What was learned was that whether our drug of choice is alcohol or prescription or illegal drugs, there are some of us who can’t use these mood altering chemicals like other people. When we continue to use them, our bodies get out of balance, and our need to use grows stronger than ever. The things we do to fill that need messes up our thinking and changes how we see the world. When anything affects both our bodies and our minds like this, it also affects our spiritthat larger sense of belonging and purpose we all need to succeed and grow. Addiction, then, is a disorder of the body, mind, and the spiritof the whole person. Things like a bad or good childhood or relationship, a hard or easy life, being rich or poor, popular or not, can make it harder or easier to abuse drugsor stop using them when they cause problems. But none of those things will alone cause or cure addiction. Some of us have a disorder that affects the way our bodies react to drugsa disorder that has such a hold on us no matter what our circumstances are, that we risk losing everything, including our lives, if we don’t stop drinking or drugging.
We can understand the physical part of addiction better if we compare it to an allergy. While most people can enjoy peanuts without worry, people with a severe peanut allergy can’t because their bodies respond differently, treating the proteins in the peanuts as harmful invaders. They can have serious reactions and even risk death when they come in contact with peanuts. Similarly, for some of us, the chemicals in alcohol and other drugs are the invaders that cause our bodies to respond differently than people without addiction. Alcoholism was even called an allergy by Dr. William Silkworth when in 1939 he wrote one of the first parts of the Big Book, called “The Doctor’s Opinion.” While we know today that alcoholics’ and addicts’ abnormal reaction to mood altering chemicals isn’t exactly an allergy, he was the first medical professional to say that alcoholism is a physical disorder, which laid the foundation for treating addiction as a disease.
Dr. Silkworth also talked about addiction as being a psychological (both mental and emotional) disorder that fools some of us into thinking we can control how much or how often we drink or use. Addiction affects our minds by trying to convince us this time will be different; this time we’ll stop before we pass out or get so high we don’t know what we’re doingor can’t remember what we’ve done. We might even be able to control our drinking or drug use for a time but as millions of us alcoholics and addicts have learned the hard way, addiction is a chronic and ever-present disease that will only get worse as long as we keep drinking or using. It’s also a fatal disease unless we find a way to stop altogether.
We come to these pages at different stages in our journeys. Some of us may think, “My drinking or drugging isn’t that bad,” but we’re a little curious and want to learn more about addiction. Others of us may have thought about cutting down or quitting drinking or taking other drugs, and we’re open to learning more about how to do that. There are some of us who know we need to change our lives, and are ready to find help and guidanceor we may have already begun a program of recovery.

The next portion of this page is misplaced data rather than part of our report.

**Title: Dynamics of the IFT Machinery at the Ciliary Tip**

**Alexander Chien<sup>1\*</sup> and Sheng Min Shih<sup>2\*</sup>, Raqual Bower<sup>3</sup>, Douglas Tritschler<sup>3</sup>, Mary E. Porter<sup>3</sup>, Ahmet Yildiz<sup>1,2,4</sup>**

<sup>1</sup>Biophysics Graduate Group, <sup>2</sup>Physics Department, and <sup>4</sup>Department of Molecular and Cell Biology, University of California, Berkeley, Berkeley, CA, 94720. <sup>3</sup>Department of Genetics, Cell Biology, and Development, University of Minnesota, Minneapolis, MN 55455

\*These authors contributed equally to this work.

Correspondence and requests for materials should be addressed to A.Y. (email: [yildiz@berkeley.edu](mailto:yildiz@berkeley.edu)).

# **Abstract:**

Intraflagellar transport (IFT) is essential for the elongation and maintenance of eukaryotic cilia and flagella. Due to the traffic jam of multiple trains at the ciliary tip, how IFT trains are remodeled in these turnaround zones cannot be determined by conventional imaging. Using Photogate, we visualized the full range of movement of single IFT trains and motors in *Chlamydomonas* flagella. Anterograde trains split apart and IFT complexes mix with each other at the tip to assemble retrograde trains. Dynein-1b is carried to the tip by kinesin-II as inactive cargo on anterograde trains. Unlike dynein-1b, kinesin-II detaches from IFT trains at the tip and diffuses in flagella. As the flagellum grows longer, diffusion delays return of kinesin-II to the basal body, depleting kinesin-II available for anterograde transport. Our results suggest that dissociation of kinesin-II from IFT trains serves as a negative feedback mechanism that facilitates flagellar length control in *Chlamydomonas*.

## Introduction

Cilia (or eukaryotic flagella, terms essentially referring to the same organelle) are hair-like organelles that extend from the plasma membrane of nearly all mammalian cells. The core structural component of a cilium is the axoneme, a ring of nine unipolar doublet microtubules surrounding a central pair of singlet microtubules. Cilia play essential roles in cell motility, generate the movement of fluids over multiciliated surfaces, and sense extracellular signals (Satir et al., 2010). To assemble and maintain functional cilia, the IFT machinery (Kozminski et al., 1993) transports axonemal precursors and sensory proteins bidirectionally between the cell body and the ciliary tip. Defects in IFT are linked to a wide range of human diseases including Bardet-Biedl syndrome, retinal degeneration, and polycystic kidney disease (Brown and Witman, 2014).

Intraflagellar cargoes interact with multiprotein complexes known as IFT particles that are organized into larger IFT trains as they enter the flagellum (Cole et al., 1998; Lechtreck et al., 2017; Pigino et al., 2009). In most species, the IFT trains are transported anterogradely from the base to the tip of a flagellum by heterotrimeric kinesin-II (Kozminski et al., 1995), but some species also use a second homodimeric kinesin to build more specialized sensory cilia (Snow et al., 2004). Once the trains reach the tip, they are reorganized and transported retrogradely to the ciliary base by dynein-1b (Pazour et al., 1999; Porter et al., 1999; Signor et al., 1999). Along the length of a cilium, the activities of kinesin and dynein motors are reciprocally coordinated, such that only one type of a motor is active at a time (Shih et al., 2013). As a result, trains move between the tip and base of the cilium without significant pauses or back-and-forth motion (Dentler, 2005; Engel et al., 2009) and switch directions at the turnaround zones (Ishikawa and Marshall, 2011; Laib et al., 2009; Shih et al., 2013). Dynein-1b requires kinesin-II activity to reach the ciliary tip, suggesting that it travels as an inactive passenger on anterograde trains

It doesn’t matter who we are or at what stage we may be. It doesn’t matter if we are trying to quit drinking or using for the first time or the fifth. All we need is the willingness to open ourselves to the possibility of a new and better life.
The “Now” in the title of this book has two meanings. It means that the information about addiction and recovery contained here is up-to-date. But it also tells us that all we need to do to begin recovery is to decide to stop drinking and using other drugs today. We don’t have to worry about tomorrow or next week or next year: We decide to stop, just for today. Then we continue to make that decision, one day at a time. In the first four chapters, we learn about telling our stories as a way to understand our relationship to alcohol and other drugs; then we look more closely at what we mean when we say that addiction is a chronic disorder of the body, mind, and spirit. The rest of this book offers a proven program of recovery that will give us an alternative to a life obsessed by mood altering chemicals so that “one day at a time” becomes a new life of freedom and self respect.
This book is for people at all levels of interest in addiction, no matter what your personal background, gender, culture, age, or religious beliefs. Recovery Now combines the wisdom of programs like AA and NA with the time-tested ideas and practices that both addiction professionals and everyday people in recovery have discovered since those programs were founded. It is not meant to replace AA’s Big Book or the NA text, but to serve as a companion and gateway to their timeless messages. If you join or belong to AA, NA, or other Twelve Step group, you should use that program’s basic text as your recovery guide.
We invite you to keep an open mind and find out for yourself if recovery is for you. Bill W., the founder of AA, said it best in the Foreword to the Big Book of AA: Yet it is our great hope that all those who have as yet found no answer may begin to find one in the pages of this book and will presently join us on the highroad to a new freedom.